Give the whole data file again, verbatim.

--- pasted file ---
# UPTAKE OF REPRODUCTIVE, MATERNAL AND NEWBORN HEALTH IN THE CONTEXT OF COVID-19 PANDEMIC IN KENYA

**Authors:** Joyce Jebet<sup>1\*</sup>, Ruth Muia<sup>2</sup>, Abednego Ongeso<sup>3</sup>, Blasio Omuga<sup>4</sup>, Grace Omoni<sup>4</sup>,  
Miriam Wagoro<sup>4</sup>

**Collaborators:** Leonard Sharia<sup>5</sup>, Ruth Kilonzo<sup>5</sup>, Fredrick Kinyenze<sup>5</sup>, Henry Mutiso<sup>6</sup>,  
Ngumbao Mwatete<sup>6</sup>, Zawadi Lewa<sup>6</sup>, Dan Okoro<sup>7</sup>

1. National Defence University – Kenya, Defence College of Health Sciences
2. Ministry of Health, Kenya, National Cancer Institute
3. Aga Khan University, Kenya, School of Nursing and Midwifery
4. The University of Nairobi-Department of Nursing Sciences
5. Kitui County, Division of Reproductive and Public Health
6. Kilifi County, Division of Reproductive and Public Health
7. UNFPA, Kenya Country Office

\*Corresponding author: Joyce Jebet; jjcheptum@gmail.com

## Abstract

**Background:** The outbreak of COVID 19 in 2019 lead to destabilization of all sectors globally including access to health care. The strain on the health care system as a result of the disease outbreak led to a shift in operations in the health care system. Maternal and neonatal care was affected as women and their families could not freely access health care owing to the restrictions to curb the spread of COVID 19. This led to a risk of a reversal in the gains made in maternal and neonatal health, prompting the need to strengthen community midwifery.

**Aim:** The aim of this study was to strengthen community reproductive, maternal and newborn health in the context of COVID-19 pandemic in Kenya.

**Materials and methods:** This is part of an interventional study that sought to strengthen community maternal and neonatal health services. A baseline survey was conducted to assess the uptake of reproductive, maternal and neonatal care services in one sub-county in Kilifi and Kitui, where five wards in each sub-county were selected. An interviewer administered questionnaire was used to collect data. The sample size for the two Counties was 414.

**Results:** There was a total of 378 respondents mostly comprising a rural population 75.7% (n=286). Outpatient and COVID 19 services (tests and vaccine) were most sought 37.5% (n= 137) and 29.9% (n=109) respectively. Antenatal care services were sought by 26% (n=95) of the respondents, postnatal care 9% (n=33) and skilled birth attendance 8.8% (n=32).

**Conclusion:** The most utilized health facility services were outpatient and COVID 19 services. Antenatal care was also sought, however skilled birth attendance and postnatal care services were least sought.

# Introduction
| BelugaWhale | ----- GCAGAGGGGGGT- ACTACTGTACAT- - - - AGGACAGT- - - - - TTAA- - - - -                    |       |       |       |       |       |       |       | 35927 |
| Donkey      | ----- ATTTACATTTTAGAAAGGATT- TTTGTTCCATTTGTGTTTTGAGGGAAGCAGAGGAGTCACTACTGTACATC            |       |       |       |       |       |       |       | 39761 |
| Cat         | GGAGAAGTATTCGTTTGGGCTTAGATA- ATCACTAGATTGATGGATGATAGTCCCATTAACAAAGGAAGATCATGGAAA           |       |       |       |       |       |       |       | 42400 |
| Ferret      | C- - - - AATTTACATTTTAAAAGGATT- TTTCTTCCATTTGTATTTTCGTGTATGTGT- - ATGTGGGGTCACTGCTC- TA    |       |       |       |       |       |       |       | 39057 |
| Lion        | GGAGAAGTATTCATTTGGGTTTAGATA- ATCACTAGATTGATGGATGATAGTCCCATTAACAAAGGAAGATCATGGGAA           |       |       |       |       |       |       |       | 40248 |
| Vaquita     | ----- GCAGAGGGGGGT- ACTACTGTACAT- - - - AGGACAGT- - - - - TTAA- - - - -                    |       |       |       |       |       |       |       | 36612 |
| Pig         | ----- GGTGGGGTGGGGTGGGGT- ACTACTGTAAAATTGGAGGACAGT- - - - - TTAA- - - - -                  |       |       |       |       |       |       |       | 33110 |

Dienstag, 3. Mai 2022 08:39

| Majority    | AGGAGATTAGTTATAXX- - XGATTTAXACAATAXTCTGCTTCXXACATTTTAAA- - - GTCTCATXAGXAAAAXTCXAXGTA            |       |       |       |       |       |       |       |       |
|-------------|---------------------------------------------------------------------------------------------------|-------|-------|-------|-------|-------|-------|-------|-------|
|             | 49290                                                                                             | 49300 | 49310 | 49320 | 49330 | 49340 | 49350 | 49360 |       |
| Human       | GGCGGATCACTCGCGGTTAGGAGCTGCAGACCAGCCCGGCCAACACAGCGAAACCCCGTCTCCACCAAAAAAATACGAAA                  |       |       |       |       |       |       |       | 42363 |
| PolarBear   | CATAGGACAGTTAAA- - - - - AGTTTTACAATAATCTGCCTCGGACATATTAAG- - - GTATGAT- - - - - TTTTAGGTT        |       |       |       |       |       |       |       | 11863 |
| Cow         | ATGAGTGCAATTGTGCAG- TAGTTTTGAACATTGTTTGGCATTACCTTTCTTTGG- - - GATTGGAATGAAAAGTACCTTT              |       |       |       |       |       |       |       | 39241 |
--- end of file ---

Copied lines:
# UPTAKE OF REPRODUCTIVE, MATERNAL AND NEWBORN HEALTH IN THE CONTEXT OF COVID-19 PANDEMIC IN KENYA

**Authors:** Joyce Jebet<sup>1\*</sup>, Ruth Muia<sup>2</sup>, Abednego Ongeso<sup>3</sup>, Blasio Omuga<sup>4</sup>, Grace Omoni<sup>4</sup>,  
Miriam Wagoro<sup>4</sup>

**Collaborators:** Leonard Sharia<sup>5</sup>, Ruth Kilonzo<sup>5</sup>, Fredrick Kinyenze<sup>5</sup>, Henry Mutiso<sup>6</sup>,  
Ngumbao Mwatete<sup>6</sup>, Zawadi Lewa<sup>6</sup>, Dan Okoro<sup>7</sup>

1. National Defence University – Kenya, Defence College of Health Sciences
2. Ministry of Health, Kenya, National Cancer Institute
3. Aga Khan University, Kenya, School of Nursing and Midwifery
4. The University of Nairobi-Department of Nursing Sciences
5. Kitui County, Division of Reproductive and Public Health
6. Kilifi County, Division of Reproductive and Public Health
7. UNFPA, Kenya Country Office

\*Corresponding author: Joyce Jebet; jjcheptum@gmail.com

## Abstract

**Background:** The outbreak of COVID 19 in 2019 lead to destabilization of all sectors globally including access to health care. The strain on the health care system as a result of the disease outbreak led to a shift in operations in the health care system. Maternal and neonatal care was affected as women and their families could not freely access health care owing to the restrictions to curb the spread of COVID 19. This led to a risk of a reversal in the gains made in maternal and neonatal health, prompting the need to strengthen community midwifery.

**Aim:** The aim of this study was to strengthen community reproductive, maternal and newborn health in the context of COVID-19 pandemic in Kenya.

**Materials and methods:** This is part of an interventional study that sought to strengthen community maternal and neonatal health services. A baseline survey was conducted to assess the uptake of reproductive, maternal and neonatal care services in one sub-county in Kilifi and Kitui, where five wards in each sub-county were selected. An interviewer administered questionnaire was used to collect data. The sample size for the two Counties was 414.

**Results:** There was a total of 378 respondents mostly comprising a rural population 75.7% (n=286). Outpatient and COVID 19 services (tests and vaccine) were most sought 37.5% (n= 137) and 29.9% (n=109) respectively. Antenatal care services were sought by 26% (n=95) of the respondents, postnatal care 9% (n=33) and skilled birth attendance 8.8% (n=32).

**Conclusion:** The most utilized health facility services were outpatient and COVID 19 services. Antenatal care was also sought, however skilled birth attendance and postnatal care services were least sought.

# Introduction
| BelugaWhale | ----- GCAGAGGGGGGT- ACTACTGTACAT- - - - AGGACAGT- - - - - TTAA- - - - -                    |       |       |       |       |       |       |       | 35927 |
| Donkey      | ----- ATTTACATTTTAGAAAGGATT- TTTGTTCCATTTGTGTTTTGAGGGAAGCAGAGGAGTCACTACTGTACATC            |       |       |       |       |       |       |       | 39761 |
| Cat         | GGAGAAGTATTCGTTTGGGCTTAGATA- ATCACTAGATTGATGGATGATAGTCCCATTAACAAAGGAAGATCATGGAAA           |       |       |       |       |       |       |       | 42400 |
| Ferret      | C- - - - AATTTACATTTTAAAAGGATT- TTTCTTCCATTTGTATTTTCGTGTATGTGT- - ATGTGGGGTCACTGCTC- TA    |       |       |       |       |       |       |       | 39057 |
| Lion        | GGAGAAGTATTCATTTGGGTTTAGATA- ATCACTAGATTGATGGATGATAGTCCCATTAACAAAGGAAGATCATGGGAA           |       |       |       |       |       |       |       | 40248 |
| Vaquita     | ----- GCAGAGGGGGGT- ACTACTGTACAT- - - - AGGACAGT- - - - - TTAA- - - - -                    |       |       |       |       |       |       |       | 36612 |
| Pig         | ----- GGTGGGGTGGGGTGGGGT- ACTACTGTAAAATTGGAGGACAGT- - - - - TTAA- - - - -                  |       |       |       |       |       |       |       | 33110 |

Dienstag, 3. Mai 2022 08:39

| Majority    | AGGAGATTAGTTATAXX- - XGATTTAXACAATAXTCTGCTTCXXACATTTTAAA- - - GTCTCATXAGXAAAAXTCXAXGTA            |       |       |       |       |       |       |       |       |
|-------------|---------------------------------------------------------------------------------------------------|-------|-------|-------|-------|-------|-------|-------|-------|
|             | 49290                                                                                             | 49300 | 49310 | 49320 | 49330 | 49340 | 49350 | 49360 |       |
| Human       | GGCGGATCACTCGCGGTTAGGAGCTGCAGACCAGCCCGGCCAACACAGCGAAACCCCGTCTCCACCAAAAAAATACGAAA                  |       |       |       |       |       |       |       | 42363 |
| PolarBear   | CATAGGACAGTTAAA- - - - - AGTTTTACAATAATCTGCCTCGGACATATTAAG- - - GTATGAT- - - - - TTTTAGGTT        |       |       |       |       |       |       |       | 11863 |
| Cow         | ATGAGTGCAATTGTGCAG- TAGTTTTGAACATTGTTTGGCATTACCTTTCTTTGG- - - GATTGGAATGAAAAGTACCTTT              |       |       |       |       |       |       |       | 39241 |